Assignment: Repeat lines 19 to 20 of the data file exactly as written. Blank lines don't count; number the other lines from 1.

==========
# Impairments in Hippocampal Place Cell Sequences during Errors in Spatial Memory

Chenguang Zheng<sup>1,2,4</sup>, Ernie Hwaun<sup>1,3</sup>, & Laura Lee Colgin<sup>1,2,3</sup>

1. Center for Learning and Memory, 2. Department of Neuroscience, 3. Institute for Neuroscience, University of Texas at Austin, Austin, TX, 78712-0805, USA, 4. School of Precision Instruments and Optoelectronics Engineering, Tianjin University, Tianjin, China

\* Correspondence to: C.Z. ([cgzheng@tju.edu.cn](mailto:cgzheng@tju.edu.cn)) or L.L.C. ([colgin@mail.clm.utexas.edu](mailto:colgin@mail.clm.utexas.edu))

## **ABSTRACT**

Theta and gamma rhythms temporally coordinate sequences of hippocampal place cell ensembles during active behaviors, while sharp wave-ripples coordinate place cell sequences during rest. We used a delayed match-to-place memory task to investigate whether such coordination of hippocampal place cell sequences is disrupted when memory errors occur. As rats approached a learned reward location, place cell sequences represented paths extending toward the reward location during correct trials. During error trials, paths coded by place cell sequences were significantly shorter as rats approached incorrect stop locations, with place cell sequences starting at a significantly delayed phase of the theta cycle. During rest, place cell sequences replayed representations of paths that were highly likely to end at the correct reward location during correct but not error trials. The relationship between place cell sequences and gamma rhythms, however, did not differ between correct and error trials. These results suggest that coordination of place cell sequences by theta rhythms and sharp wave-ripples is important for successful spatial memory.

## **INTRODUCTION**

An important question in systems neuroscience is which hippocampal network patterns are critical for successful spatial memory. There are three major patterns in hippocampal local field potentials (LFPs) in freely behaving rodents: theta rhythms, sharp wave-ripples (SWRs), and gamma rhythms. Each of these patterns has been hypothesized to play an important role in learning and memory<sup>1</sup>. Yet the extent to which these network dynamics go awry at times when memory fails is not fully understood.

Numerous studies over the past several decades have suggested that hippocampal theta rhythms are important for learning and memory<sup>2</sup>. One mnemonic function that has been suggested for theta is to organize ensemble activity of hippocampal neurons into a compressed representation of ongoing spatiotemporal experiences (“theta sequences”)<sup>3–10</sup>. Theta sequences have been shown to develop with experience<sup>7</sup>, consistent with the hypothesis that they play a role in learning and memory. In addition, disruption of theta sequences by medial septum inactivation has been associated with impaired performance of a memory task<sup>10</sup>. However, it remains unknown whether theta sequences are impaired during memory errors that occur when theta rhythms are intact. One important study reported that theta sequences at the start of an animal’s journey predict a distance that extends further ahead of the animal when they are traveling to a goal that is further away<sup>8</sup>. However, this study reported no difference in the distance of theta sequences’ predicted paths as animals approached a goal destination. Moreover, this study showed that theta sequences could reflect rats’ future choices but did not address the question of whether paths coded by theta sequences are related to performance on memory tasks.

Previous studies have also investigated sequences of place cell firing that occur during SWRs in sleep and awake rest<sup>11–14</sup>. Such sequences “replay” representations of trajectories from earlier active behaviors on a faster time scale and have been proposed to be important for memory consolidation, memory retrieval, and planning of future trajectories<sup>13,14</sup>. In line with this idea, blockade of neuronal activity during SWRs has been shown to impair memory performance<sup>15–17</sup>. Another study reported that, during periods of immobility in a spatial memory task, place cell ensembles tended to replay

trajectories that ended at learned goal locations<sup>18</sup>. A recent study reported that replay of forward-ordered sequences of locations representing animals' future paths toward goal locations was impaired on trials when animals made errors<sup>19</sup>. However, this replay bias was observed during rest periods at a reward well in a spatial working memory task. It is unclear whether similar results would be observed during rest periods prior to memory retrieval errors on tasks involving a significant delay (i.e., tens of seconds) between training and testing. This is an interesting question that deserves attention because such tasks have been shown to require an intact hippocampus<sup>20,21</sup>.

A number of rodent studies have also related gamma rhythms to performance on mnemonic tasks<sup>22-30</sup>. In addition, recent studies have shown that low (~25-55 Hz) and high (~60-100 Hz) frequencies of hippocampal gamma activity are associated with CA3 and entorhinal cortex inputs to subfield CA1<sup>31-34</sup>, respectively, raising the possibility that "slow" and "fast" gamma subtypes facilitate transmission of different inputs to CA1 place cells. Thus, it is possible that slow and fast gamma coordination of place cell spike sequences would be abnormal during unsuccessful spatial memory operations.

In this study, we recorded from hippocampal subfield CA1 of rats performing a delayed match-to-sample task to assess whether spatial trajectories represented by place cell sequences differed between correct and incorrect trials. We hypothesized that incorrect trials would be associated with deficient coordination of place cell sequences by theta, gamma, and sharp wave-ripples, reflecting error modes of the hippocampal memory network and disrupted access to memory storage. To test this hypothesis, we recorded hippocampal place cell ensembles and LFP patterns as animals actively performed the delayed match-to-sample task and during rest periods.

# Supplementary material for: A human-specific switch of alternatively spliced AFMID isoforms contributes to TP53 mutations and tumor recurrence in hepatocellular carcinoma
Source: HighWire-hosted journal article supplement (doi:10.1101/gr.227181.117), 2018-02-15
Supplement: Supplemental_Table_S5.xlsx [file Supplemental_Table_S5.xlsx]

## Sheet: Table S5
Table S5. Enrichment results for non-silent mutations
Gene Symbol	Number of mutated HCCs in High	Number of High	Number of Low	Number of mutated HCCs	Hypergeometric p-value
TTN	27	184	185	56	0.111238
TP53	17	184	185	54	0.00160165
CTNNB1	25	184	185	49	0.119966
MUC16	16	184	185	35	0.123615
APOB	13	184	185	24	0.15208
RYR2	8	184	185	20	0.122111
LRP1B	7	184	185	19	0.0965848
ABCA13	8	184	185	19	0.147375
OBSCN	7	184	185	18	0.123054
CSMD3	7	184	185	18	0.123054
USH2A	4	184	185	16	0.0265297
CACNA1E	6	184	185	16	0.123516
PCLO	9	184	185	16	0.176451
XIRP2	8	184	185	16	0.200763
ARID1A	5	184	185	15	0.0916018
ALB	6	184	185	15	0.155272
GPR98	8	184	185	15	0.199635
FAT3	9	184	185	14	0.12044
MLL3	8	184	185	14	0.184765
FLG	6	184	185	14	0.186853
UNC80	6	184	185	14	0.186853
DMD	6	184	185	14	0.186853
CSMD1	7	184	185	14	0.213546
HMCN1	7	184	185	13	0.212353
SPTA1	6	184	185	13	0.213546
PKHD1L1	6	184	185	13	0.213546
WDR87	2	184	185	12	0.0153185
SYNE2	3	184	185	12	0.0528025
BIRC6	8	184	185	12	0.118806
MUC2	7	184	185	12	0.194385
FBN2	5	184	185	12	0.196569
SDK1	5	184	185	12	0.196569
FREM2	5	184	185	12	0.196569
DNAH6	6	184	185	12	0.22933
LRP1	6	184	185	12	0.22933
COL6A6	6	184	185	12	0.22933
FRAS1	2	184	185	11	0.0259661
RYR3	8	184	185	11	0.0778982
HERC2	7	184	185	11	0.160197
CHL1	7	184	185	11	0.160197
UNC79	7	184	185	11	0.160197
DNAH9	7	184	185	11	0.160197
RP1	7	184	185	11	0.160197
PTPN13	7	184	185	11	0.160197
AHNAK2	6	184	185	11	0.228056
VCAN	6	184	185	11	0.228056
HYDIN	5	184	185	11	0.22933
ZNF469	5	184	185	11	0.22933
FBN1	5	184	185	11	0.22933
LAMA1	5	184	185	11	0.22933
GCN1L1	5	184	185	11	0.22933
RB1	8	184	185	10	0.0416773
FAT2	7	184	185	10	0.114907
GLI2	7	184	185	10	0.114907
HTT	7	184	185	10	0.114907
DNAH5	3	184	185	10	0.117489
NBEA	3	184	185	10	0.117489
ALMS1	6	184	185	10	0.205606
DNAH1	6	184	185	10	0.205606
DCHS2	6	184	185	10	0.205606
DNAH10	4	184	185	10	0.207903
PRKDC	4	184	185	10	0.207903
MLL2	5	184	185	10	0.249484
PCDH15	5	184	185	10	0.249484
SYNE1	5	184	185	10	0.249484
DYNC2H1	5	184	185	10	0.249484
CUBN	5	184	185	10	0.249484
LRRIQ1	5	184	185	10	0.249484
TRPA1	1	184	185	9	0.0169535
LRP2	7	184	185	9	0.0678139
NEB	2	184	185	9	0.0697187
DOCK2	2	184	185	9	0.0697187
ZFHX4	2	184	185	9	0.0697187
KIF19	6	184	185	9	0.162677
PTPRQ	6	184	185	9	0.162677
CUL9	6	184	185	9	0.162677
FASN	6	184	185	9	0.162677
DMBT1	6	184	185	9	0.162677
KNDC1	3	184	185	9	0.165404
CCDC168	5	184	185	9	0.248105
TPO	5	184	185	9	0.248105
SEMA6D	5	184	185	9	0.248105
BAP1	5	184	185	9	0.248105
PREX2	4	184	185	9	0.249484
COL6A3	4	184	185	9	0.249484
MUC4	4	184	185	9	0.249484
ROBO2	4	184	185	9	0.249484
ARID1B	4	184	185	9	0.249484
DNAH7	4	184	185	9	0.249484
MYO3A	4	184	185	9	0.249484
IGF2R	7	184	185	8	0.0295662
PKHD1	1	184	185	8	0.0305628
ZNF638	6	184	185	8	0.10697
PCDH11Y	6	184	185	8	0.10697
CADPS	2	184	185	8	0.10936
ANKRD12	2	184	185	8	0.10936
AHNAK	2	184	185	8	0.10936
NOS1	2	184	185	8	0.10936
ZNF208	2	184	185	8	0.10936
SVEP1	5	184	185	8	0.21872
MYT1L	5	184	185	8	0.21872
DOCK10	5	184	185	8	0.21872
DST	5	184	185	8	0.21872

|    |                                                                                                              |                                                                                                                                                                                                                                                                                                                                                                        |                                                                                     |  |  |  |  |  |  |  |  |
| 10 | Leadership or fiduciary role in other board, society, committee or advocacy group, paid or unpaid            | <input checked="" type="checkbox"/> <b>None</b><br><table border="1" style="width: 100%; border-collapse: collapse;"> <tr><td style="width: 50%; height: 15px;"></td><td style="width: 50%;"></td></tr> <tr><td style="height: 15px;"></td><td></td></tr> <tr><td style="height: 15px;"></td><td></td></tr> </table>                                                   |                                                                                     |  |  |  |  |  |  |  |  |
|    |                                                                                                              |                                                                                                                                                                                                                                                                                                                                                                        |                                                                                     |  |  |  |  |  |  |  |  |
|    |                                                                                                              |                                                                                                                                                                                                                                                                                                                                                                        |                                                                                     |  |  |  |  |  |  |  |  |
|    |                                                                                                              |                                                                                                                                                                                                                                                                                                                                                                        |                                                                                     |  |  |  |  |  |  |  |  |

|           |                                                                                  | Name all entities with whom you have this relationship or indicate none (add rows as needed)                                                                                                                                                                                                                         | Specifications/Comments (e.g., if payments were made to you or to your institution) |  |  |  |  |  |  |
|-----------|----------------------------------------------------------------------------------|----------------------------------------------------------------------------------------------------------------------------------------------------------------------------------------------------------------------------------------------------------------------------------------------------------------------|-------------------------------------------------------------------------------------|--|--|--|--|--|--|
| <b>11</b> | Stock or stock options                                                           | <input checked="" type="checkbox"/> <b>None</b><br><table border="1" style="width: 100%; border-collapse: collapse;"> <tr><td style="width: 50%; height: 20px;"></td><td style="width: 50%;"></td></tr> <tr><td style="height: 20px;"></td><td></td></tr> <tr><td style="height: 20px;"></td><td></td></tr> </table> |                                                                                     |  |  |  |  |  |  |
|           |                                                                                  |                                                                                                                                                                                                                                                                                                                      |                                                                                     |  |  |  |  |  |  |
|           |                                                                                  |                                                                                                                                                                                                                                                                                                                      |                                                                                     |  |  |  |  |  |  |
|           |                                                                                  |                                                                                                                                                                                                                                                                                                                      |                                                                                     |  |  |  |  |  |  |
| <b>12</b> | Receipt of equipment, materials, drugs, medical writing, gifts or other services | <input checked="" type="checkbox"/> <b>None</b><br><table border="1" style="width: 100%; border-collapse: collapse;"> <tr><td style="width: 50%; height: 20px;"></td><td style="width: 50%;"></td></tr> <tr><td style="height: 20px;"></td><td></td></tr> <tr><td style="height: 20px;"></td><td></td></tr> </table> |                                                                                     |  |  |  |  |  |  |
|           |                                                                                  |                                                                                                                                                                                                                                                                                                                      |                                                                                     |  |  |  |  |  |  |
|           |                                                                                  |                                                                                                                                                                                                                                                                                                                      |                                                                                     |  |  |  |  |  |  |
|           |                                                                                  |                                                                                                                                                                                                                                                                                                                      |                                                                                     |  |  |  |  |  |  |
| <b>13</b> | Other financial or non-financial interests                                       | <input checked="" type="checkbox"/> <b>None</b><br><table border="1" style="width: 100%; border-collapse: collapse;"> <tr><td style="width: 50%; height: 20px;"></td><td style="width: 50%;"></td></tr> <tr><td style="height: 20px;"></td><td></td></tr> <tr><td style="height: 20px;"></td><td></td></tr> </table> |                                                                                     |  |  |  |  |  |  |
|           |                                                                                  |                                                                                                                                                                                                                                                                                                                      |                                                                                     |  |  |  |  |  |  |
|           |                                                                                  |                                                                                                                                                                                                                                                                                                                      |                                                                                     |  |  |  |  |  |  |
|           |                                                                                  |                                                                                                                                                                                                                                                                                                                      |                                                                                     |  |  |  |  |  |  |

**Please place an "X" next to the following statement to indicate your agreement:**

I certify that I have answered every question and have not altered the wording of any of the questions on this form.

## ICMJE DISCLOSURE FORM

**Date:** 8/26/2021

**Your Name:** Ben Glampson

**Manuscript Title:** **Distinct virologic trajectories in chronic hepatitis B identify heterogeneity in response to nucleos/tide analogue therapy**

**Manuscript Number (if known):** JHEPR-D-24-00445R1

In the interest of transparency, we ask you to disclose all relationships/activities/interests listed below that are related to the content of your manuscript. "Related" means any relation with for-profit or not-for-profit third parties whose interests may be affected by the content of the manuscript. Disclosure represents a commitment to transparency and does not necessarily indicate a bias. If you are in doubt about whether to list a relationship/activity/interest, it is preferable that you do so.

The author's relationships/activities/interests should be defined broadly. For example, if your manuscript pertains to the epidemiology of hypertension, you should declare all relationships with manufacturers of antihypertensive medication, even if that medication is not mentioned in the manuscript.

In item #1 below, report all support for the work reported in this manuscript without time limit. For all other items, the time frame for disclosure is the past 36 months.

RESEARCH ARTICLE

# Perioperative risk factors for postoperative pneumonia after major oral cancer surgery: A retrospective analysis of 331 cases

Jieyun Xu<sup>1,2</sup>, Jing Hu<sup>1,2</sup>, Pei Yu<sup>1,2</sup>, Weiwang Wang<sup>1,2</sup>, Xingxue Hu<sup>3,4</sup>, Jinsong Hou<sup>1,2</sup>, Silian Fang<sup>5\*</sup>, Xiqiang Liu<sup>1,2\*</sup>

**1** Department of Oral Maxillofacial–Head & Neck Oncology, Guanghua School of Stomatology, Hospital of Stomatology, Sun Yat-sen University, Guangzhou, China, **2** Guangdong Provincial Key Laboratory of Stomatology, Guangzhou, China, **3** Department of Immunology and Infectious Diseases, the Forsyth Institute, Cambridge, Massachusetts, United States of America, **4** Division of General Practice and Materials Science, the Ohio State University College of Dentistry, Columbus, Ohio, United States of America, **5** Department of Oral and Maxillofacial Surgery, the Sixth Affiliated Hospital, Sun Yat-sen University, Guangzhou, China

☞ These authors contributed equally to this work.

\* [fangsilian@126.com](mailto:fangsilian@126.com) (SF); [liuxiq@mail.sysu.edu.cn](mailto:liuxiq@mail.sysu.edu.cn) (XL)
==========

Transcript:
Gene Symbol	Number of mutated HCCs in High	Number of High	Number of Low	Number of mutated HCCs	Hypergeometric p-value
TTN	27	184	185	56	0.111238